Job Journey: Interview Questions You Should Ask

interview questions
Job Journey: Interview Questions You Should Ask
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About the Author

Laura Machan

Laura Machan

Laura Machan is a Partner, Recruitment Solutions for a major human resources consulting firm based in Toronto, Ontario. Although she has been recruiting for quite a few years, she still gets a big thrill from calling someone to set up an interview and an even bigger thrill when she hears a happy dance as she tells them when their new job starts. Laura lives with her family in Oakville, where she has lived for over 25 years, and is a significant contributor to the Canadian Federation of University Women - Oakville and Women in Nuclear, Golden Horseshoe Chapter.

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You are sitting with the hiring manager. It has been a great conversation. You have answered all the interview questions with aplomb. You have provided colourful examples of your work and experience.

In other words: you are rocking the interview.

Then the manager says “Do you have any questions for me?”

And you say “No, you have covered everything. I’m good.”

Boom! You blew it!

There are always questions. You cannot possibly know everything at the end of an interview. It will look like you are not really serious about the job, and not really much of a thinker if you don’t have a few questions of your own. Your questions can focus on the team, the manager or the company.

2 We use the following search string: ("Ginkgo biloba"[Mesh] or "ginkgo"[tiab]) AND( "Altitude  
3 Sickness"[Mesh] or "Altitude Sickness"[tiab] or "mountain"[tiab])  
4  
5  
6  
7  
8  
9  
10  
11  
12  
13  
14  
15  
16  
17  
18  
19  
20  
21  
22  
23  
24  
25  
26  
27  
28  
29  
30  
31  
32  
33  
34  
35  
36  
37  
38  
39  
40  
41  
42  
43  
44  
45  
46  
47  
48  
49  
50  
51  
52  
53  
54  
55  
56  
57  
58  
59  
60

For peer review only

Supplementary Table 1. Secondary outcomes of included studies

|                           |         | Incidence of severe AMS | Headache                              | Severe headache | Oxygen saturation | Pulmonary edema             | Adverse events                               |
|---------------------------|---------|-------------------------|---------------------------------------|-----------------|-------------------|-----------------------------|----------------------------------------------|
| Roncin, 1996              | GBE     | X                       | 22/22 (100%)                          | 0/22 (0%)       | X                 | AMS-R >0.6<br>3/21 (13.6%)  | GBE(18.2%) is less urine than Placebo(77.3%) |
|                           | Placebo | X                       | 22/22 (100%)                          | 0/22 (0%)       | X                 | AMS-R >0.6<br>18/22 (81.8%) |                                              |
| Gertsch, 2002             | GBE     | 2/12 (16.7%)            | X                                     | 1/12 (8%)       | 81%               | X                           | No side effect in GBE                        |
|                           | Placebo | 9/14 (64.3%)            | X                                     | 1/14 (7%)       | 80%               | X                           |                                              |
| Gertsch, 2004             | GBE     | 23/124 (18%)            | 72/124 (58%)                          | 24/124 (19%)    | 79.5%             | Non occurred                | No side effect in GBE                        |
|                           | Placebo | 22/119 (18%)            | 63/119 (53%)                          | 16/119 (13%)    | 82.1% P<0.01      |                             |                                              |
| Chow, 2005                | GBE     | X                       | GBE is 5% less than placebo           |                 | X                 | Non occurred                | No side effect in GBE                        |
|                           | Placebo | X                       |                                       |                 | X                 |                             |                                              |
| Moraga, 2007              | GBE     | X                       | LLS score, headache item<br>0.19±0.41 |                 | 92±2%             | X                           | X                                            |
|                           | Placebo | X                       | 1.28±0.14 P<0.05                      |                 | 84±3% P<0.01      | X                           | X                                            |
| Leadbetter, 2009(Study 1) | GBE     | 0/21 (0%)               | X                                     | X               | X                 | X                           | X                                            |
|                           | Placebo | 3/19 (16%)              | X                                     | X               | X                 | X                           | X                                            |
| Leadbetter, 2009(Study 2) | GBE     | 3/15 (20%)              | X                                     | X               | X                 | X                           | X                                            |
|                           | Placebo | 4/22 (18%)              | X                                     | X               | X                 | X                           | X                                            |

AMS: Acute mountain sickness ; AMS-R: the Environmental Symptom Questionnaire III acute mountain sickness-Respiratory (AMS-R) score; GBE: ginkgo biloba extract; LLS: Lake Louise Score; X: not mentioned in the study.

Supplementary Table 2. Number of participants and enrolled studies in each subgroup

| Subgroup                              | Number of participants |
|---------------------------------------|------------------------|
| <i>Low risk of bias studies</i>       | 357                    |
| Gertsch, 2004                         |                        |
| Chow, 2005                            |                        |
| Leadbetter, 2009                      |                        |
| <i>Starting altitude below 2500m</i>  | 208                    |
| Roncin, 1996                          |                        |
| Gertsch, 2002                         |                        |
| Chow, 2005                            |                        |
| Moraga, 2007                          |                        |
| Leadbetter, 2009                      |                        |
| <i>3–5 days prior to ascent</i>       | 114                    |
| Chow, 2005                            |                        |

Suggested Interview Questions

  1. How would you describe the culture of the team I would be joining?
  2. Based on your experience, what are the personality types that succeed here?
  3. How serious is your competition?
  4. Are there a lot of development opportunities?
  5. Or the classic: what would success look like in six months? I don’t love this one but it is effective in providing good insight into what the manager is looking for down the road.

There are a myriad of choices. Prepare five or six questions on your note pad. Look down the list to see what has not been covered in the conversation and lay it out there.

This gives you a chance to turn the tables to see how the interviewer reacts as well as the opportunity to learn more about the inner workings of the organization.

Make sure your interview preparation includes developing your own interview questions. You never know what you will learn.

Follow Laura Machan on twitter. She is a regular Oakville News contributor.

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Readers Comments (1)

  1. jessica says:

    read this for upcoming interviews




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